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Project Milwaukee
Springing from conversations with concerned community members, WUWM journalists developed Project Milwaukee -- in-depth reporting on vital issues in the region. Each Project Milwaukee consists of WUWM News reporters and Lake Effect producers teaming up to create a series of interviews and reports on a specific topic culminating in a public forum or live broadcast.WUWM tackles subjects of importance to southeastern Wisconsin by focusing on issues that warrant extensive coverage. The topics chosen are based on concerns we've heard from residents and community leaders.WUWM hopes that our coverage helps to further the understanding of broad, significant subjects, and encourages additional debate in the community.WUWM's Project Milwaukee. Our region. Our future.------------------------------------------------------------------PROJECT MILWAUKEE SERIES ARCHIVEGreat Lakes, Troubled Waters - May 2019With our proximity to Lake Michigan and world-class water research, why don't we have clean water?To Protect And Serve - March 2018Police, Community & A Time of TransitionSegregation Matters - March 2017Innovation - How Do We Compete? - February 2016Black Men in Prison - November 2013Why are so many Wisconsinites behind bars? And, what are the costs?Power Switch - June 2013The Promise and Reality of Green Energy in WisconsinHelp Wanted - October 2012Uncovering the Truth Behind Wisconsin's Skills GapState of Upheaval - December 2011Southern Connections - June 2011Cultivating a Regional CorridorWhat's On Our Plate? - November 2010The Impact of Wisconsin's Food EconomyBarriers to Achievement in MPS - June 2010The Currency of Water - December 2009Black & White - June 2009Race Relations in MilwaukeeWise Today, Well Tomorrow? - November 2008Youth Violence - June 2008Creating a Vibrant Regional Economy - November 2007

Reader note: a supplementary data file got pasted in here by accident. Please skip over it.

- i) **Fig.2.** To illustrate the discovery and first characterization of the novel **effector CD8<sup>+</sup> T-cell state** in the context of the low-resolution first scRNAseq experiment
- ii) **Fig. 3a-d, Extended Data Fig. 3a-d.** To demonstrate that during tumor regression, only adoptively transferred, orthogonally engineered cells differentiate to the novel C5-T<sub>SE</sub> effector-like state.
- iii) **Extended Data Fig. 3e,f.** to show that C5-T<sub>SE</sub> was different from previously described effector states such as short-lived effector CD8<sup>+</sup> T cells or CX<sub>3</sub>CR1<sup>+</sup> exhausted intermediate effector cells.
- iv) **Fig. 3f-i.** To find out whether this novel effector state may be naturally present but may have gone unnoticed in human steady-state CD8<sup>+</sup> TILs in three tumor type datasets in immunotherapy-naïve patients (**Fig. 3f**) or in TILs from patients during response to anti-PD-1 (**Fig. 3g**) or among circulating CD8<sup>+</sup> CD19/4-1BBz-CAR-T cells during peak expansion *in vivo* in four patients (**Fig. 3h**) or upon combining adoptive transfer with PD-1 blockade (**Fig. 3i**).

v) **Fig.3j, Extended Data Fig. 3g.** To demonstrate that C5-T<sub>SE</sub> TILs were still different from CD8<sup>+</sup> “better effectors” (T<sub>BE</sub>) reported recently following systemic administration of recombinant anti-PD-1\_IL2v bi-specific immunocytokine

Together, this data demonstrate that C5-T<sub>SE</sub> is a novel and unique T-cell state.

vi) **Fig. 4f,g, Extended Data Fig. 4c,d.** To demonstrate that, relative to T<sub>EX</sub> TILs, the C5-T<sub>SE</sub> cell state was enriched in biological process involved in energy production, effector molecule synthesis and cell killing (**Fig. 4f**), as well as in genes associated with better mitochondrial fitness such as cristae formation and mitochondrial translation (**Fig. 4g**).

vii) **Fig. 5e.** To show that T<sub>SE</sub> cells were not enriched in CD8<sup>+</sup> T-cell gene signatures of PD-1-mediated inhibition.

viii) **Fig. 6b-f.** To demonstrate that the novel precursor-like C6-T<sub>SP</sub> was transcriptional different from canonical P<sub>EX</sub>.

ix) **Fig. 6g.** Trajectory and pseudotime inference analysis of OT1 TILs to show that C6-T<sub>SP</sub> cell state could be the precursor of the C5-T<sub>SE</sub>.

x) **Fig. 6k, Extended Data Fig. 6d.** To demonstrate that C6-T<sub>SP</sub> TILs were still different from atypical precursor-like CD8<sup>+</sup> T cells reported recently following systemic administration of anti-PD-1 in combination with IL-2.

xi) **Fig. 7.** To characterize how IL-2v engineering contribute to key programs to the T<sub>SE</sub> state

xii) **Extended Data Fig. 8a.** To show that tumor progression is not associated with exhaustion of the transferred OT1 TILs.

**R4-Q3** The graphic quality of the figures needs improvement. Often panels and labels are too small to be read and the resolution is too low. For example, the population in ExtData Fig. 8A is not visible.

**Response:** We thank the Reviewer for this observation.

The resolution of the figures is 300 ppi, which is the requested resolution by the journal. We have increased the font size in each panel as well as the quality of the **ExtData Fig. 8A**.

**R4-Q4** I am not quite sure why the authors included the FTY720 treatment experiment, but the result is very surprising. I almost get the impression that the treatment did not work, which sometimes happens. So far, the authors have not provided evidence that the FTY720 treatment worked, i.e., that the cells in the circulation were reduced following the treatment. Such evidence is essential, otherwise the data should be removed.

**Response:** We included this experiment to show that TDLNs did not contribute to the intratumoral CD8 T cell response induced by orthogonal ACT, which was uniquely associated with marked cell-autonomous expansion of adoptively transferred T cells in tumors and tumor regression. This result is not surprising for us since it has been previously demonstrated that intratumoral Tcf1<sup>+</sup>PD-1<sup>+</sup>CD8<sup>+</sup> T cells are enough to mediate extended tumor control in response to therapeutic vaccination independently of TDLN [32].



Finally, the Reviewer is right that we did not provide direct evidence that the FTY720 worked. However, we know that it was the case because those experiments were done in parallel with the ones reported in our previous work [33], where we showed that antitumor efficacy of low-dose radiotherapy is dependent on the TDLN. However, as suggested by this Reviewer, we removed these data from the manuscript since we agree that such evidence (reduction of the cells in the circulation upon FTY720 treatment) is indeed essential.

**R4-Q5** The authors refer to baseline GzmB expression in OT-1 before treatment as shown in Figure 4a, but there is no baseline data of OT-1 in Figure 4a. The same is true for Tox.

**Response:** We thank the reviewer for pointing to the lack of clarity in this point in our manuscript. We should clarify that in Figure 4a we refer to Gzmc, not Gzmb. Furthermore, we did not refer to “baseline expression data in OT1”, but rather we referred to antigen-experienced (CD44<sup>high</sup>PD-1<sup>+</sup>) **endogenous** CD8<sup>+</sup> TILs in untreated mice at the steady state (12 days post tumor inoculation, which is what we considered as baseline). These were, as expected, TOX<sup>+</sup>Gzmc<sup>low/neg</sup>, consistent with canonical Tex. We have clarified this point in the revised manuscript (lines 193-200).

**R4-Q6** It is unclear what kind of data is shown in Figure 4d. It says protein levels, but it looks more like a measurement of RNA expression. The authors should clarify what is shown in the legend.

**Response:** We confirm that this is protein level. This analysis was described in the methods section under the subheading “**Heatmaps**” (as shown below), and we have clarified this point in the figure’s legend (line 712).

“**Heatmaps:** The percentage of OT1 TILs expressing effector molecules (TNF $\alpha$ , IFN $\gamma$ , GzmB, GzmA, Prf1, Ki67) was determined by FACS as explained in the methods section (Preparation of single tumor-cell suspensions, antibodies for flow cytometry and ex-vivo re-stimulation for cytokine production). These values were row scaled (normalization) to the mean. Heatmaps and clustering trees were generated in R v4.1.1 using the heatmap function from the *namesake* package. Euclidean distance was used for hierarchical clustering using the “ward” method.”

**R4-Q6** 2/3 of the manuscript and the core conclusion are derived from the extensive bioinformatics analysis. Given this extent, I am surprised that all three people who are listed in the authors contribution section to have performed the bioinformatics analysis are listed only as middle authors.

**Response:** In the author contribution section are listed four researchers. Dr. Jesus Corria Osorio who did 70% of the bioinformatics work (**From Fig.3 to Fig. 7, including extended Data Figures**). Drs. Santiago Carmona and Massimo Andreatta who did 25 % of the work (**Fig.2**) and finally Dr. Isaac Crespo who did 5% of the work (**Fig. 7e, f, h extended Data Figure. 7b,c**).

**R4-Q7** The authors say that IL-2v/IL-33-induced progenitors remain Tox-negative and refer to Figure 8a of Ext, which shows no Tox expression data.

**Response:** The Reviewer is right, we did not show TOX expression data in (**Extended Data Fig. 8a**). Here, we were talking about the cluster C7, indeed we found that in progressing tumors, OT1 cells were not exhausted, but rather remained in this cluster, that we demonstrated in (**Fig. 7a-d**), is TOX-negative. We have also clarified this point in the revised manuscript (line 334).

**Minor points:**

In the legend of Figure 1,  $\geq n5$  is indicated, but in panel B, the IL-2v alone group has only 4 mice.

Bi-Partisan Call in Wisconsin to Revisit 'Truth in Sentencing', Amid Swelling Prison Population


A state Republican and a Democrat agree that Wisconsin's 'truth in sentencing' policy has produced unintended consequences and should be amended.

The policy took hold here and across the country 15-20 years ago, as a solution for making communities safer. It means that people convicted of certain felonies must serve their entire sentence – no parole.

Republican Rep. Rob Hutton of Brookfield and Democrat Rep. Evan Goyke of Milwaukee, both of whom attended WUWM's forum on Wisconsin’s high rate of black male incarceration, told us that one unintended result of 'truth in sentencing' is a huge increase in the number of people behind bars in Wisconsin.

"Back in the 1970s when we look at our prison population, we were somewhere around  2,000 behind bars," Hutton says. "Today, we are about 22,000 to 23,000 and we know that's where this whole truth in sentencing played a part."

Goyke says one crucial component of the policy, was never implemented.

"If a convicted individual was going to serve every single day that he was sentenced, the idea was that that sentence may be less than what it was before. We just haven't seen sentences be reduced, and that's really what's fueled the explosion of our prison population," Goyke says.

Goyke and Hutton say 'truth in sentencing' has also sent thousands of non-violent offenders to prison for lengthy periods of time, whereas treatment for drug addictions and mental health issues may be more effective at addressing the reasons for their criminal behavior.

"That's where there is some across the aisle agreement of whether we are serving them  and our communities well by incarcerating those individuals," Hutton says.

The two Representatives plan to convene hearings on the issue, this summer.

"We need to have the courage to stand up and say 'our system is not working,'" Goyke says.